Quotes for "Atlas Shrugged"

Ayn Rand

  • Eddie Willers pulled his shoulders straight, in conscientious self-discipline.
  • He had spent most of his childhood with the Taggart children, and now he worked for them, as his father and grandfather had worked for their father and grandfather.
  • "The minister said last Sunday that we must always reach for the best within us. What do you suppose is the best within us?" "I don't know." "We'll have to find out." She did not answer; she was looking away, up the railroad track.
  • When he was asked what he would want to do, he answered at once, "Whatever is right," and added, "You ought to do something great . . . I mean, the two of us together." "What?" she asked. He said, "I don't know. That's what we ought to find out. Not just what you said. Not just business and earning a living. Things like winning battles, or saving people out of fires, or climbing mountains." "What for?" she asked.
  • It's cracking to pieces, like this, all over the country, you can expect it anywhere, at any moment. But she felt no anger or anxiety; she had no time to feel.
  • She had watched his work for some time; she had always looked for sparks of competence, like a diamond prospector in an unpromising wasteland.
  • His title was that of Special Assistant to the Vice-President in Charge of Operation, and his main duty was to be her bodyguard against any waste of time.
  • "How long do you intend to talk in order to evade the issue, Jim?"
  • He never felt loneliness except when he was happy.
  • He was trying to learn to breathe against the scalding pain in his chest. He stood, cursing himself, because he had made up his mind that he would not be tired. After a while, he went back to his task; he decided that pain was not a valid reason for stopping,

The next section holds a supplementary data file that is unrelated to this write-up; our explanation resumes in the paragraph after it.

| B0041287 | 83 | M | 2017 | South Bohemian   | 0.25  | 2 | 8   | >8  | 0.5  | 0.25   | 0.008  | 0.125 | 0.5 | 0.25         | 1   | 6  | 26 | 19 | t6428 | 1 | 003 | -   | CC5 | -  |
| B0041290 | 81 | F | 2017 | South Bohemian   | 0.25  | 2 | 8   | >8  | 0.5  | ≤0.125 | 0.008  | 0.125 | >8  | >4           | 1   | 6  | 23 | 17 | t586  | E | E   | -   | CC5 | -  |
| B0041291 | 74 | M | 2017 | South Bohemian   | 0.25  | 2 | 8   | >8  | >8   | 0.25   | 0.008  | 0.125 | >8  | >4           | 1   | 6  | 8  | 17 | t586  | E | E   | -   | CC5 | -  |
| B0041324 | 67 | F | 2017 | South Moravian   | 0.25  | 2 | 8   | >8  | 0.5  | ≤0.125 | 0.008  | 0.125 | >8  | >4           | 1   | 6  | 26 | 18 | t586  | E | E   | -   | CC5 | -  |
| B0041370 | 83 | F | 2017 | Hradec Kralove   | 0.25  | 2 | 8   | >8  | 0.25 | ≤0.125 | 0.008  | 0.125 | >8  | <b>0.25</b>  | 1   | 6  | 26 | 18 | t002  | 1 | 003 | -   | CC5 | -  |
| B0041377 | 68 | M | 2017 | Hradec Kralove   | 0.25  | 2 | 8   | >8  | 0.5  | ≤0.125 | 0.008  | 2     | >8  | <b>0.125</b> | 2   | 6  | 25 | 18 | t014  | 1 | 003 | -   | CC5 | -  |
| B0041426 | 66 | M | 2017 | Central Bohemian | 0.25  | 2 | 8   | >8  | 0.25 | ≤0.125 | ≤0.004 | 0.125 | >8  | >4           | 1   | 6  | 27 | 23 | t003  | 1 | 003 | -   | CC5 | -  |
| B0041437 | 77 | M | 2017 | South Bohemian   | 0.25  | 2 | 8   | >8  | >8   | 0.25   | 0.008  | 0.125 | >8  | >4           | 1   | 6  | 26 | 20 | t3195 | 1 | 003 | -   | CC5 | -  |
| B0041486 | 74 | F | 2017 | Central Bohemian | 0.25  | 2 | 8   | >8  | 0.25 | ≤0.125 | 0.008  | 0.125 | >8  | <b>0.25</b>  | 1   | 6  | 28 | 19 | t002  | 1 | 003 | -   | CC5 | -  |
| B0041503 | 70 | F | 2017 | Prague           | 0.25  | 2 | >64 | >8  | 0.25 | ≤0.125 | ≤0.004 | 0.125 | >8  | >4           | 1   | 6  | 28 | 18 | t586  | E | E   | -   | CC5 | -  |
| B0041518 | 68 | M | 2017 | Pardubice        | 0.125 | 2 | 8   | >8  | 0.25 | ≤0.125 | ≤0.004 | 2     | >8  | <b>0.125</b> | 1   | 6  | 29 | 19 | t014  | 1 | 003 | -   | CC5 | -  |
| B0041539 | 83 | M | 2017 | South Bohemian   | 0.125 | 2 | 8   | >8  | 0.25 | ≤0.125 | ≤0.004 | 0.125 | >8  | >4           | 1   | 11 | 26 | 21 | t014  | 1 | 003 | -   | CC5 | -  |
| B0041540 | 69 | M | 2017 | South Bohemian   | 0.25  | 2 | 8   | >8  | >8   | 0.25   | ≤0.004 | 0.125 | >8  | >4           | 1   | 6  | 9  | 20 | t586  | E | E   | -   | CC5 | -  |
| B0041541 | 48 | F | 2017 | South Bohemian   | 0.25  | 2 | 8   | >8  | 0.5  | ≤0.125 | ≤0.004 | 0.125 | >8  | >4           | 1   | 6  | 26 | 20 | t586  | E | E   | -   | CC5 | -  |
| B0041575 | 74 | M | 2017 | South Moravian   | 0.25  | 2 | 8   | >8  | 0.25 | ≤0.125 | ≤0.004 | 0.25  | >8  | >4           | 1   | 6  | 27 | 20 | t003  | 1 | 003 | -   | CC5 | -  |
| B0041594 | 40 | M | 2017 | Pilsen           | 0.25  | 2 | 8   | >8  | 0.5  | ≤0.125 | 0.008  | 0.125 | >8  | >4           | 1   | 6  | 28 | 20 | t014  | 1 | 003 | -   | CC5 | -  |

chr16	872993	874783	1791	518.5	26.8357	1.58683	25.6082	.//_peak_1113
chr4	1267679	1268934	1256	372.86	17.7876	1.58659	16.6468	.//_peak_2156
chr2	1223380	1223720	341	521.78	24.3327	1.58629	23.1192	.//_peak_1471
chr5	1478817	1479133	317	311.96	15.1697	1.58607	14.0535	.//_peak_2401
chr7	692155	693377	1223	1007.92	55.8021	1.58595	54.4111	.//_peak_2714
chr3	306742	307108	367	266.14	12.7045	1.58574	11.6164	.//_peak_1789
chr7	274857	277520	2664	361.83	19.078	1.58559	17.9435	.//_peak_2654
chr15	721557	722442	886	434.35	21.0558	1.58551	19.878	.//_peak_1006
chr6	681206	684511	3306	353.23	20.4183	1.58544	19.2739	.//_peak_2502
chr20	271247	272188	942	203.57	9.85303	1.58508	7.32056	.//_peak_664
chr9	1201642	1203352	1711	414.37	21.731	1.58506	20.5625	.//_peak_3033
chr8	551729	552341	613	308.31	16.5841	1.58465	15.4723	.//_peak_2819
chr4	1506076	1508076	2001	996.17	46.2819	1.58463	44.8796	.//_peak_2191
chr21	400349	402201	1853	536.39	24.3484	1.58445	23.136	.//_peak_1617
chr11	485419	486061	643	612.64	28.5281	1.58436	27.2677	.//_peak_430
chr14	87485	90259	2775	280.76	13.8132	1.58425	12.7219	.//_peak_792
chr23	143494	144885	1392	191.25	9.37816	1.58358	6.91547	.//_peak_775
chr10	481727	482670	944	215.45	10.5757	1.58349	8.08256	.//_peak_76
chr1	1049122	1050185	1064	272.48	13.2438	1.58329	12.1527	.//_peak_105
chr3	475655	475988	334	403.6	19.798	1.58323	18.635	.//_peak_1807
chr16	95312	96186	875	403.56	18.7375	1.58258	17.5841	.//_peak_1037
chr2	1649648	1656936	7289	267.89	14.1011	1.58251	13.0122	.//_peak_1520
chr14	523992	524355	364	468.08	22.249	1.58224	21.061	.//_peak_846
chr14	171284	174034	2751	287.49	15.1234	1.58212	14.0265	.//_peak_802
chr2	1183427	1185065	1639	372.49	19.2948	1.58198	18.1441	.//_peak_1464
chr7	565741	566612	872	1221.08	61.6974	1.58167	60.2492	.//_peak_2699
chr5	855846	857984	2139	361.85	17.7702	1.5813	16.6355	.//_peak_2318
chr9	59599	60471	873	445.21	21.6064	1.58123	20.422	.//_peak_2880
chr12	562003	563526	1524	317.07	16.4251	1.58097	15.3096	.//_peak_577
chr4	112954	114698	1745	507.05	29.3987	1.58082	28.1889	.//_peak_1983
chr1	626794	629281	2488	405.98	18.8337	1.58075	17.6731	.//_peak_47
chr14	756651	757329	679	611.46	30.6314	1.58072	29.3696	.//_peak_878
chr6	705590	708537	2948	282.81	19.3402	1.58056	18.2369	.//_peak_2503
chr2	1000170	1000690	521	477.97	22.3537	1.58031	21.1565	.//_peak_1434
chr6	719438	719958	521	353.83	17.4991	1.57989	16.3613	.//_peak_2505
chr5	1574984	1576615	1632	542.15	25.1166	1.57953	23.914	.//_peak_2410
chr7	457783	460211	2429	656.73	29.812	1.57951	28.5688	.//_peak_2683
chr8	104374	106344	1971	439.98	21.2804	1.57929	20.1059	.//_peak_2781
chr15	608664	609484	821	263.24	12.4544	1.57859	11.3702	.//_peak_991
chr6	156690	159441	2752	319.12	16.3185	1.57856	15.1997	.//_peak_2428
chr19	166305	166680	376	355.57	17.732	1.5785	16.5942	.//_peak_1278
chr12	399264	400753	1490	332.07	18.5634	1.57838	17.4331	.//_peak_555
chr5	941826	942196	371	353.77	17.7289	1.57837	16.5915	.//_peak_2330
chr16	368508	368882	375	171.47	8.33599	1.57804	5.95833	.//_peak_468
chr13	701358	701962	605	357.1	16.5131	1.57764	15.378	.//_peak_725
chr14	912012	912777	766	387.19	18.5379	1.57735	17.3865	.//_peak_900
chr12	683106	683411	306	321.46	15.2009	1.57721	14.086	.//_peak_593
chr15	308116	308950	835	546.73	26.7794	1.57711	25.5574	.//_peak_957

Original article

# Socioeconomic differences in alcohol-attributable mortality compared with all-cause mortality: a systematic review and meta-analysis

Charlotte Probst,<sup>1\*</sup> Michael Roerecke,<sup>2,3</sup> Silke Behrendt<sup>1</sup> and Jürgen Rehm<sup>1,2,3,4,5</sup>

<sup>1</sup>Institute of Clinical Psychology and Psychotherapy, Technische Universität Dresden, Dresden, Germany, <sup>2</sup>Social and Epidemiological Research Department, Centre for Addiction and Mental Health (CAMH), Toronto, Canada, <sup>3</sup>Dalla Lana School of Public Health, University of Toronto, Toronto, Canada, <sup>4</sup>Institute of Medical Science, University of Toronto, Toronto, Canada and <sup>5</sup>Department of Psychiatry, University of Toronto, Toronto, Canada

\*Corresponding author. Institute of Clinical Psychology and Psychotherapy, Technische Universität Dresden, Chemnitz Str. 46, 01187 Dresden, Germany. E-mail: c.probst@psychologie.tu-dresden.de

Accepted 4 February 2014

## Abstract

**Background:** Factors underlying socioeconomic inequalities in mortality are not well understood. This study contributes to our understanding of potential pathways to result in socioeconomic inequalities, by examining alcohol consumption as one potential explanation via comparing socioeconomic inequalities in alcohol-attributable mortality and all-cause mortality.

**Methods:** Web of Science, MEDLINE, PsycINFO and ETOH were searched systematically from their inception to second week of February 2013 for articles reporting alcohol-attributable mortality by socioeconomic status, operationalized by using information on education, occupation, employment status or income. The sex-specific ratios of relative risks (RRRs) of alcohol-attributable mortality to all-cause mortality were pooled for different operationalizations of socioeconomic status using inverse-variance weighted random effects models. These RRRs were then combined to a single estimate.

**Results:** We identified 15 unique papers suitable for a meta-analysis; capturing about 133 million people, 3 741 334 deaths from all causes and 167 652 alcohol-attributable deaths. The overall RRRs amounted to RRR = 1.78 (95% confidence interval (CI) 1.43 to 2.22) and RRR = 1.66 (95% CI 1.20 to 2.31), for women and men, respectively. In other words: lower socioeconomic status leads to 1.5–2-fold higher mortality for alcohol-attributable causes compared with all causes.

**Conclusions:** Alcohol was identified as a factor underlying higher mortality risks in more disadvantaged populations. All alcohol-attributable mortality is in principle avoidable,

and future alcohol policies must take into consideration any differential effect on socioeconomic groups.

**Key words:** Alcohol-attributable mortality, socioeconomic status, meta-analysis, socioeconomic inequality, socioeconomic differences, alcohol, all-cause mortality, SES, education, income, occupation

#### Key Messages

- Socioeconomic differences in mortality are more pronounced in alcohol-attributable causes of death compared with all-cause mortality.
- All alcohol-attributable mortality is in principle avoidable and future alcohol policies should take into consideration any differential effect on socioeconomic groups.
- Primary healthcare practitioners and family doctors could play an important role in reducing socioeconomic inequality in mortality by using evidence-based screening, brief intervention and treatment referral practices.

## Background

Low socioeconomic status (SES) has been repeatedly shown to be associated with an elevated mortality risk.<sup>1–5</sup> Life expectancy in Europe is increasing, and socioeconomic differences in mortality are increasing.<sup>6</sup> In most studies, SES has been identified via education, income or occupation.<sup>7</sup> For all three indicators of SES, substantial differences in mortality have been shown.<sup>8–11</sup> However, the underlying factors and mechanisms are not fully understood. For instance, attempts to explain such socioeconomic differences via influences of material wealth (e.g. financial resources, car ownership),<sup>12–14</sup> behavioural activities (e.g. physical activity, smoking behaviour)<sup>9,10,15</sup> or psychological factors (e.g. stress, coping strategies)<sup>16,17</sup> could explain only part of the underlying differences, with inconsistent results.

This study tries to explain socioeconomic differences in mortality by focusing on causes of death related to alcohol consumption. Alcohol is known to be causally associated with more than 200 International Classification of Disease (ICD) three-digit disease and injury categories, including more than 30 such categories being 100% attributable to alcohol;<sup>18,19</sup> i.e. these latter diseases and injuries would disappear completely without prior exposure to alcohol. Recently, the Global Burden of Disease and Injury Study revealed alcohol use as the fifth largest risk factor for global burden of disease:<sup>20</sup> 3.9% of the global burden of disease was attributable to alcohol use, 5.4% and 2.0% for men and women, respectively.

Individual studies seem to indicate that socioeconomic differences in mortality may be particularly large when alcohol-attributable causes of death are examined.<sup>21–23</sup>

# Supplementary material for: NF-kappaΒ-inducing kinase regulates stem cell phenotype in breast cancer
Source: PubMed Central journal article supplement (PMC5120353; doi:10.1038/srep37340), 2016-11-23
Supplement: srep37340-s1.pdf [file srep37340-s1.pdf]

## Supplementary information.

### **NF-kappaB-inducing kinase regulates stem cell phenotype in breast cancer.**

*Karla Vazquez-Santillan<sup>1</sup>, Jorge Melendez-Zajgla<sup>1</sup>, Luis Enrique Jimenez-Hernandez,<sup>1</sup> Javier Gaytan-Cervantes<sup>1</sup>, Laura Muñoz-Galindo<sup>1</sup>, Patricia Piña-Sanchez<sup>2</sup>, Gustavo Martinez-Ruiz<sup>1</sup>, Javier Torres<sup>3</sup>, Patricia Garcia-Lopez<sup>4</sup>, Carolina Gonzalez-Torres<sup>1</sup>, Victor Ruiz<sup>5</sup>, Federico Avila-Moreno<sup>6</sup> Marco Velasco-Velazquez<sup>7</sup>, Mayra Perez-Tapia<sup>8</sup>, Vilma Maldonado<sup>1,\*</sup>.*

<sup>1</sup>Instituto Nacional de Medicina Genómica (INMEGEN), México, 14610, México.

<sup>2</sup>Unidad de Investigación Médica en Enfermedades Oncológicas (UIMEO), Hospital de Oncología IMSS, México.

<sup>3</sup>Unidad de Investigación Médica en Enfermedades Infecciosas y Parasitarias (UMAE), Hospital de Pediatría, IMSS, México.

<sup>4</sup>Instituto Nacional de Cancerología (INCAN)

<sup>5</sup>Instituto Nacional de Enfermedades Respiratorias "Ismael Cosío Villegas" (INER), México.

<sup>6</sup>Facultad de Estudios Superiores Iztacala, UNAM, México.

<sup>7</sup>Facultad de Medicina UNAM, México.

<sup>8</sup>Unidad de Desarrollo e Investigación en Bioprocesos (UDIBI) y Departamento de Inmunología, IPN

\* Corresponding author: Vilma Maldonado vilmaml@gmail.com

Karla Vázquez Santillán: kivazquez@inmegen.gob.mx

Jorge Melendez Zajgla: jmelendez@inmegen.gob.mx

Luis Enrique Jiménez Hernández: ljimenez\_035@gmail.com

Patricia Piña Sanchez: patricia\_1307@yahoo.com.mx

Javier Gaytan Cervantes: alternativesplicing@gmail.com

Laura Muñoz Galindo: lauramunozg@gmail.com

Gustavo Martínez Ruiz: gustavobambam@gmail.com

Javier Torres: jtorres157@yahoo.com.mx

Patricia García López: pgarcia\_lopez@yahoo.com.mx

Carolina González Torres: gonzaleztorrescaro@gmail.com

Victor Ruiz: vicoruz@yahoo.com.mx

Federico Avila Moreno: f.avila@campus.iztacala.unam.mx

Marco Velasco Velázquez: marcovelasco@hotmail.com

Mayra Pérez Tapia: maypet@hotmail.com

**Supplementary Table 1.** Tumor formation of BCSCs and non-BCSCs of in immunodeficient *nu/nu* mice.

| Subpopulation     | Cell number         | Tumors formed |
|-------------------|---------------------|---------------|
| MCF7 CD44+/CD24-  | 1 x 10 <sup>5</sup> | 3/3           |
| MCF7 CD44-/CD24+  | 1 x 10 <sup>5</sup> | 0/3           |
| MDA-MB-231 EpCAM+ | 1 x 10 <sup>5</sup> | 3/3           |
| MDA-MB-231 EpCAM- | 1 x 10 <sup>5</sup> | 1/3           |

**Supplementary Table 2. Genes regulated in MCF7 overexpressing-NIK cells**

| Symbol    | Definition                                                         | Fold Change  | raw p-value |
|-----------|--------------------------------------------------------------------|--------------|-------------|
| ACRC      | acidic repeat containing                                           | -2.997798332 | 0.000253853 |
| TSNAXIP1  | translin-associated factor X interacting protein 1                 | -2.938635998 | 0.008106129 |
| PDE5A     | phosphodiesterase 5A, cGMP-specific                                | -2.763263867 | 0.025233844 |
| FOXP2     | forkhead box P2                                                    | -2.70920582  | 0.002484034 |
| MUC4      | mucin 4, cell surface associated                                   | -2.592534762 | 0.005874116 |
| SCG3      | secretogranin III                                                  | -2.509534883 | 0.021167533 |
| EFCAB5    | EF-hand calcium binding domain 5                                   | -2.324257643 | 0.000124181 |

• He was thirty years old. What had gone on in the years between did not matter, just as pain had not mattered.
  • He touched the bracelet in his pocket. He had had it made from that first poured metal. It was for his wife. As he touched it, he realized suddenly that he had thought of an abstraction called "his wife"—not of the woman to whom he was married.
  • The house stood on a hill, rising before him like a big white bulk; it looked naked, with a few semi-colonial pillars for reluctant ornament; it had the cheerless look of a nudity not worth revealing.
  • She felt a bored indifference toward the immediate world around her, toward other children and adults alike. She took it as a regrettable accident, to be borne patiently for a while, that she happened to be imprisoned among people who were dull.
  • She hung around the tracks and the roundhouses like a humble student, but the humility had a touch of future pride, a pride to be earned.
  • Studying mathematics, she felt, quite simply and at once: "How great that men have done this" and "How wonderful that I'm so good at it." It was the joy of admiration and of one's own ability, growing together. Her feeling for the railroad was the same: worship of the skill that had gone to make it, of the ingenuity of someone's clean, reasoning mind, worship with a secret smile that said she would know how to make it better some day.
  • She was twelve years old when she told Eddie Willers that she would run the railroad when they grew up. She was fifteen when it occurred to her for the first time that women did not run railroads and that people might object. To hell with that, she thought—and never worried about it again.
  • She was armed against Jim by the conviction that he was not smart enough to harm the railroad too much
  • He was a man who had never accepted the creed that others had the right to stop him. He set his goal and moved toward it, his way as straight as one of his rails.
  • he was guilty of nothing, except that he earned his own fortune and never forgot that it was his.
  • I often wonder about the hours when a man sits alone, watching the smoke of a cigarette, thinking. I wonder what great things have come from such hours. When a man thinks, there is a spot of fire alive in his mind—and it is proper that he should have the burning point of a cigarette as his one expression."
  • That night, Richard Halley had walked the streets of the city till dawn, trying to find an answer to a question, which he did not find.
  • He stood without moving, a tall, emaciated man with graying hair. He did not bow, did not smile; he just stood there, looking at the crowd. His face had the quiet, earnest look of a man staring at a question.
  • The story said that Senor Francisco d'Anconia had granted an interview to the press in his suite at the Wayne-Falkland Hotel. He said that he had come to New York for two important reasons: a hat-check girl at the Cub Club, and the liverwurst at Moe's Delicatessen on Third Avenue.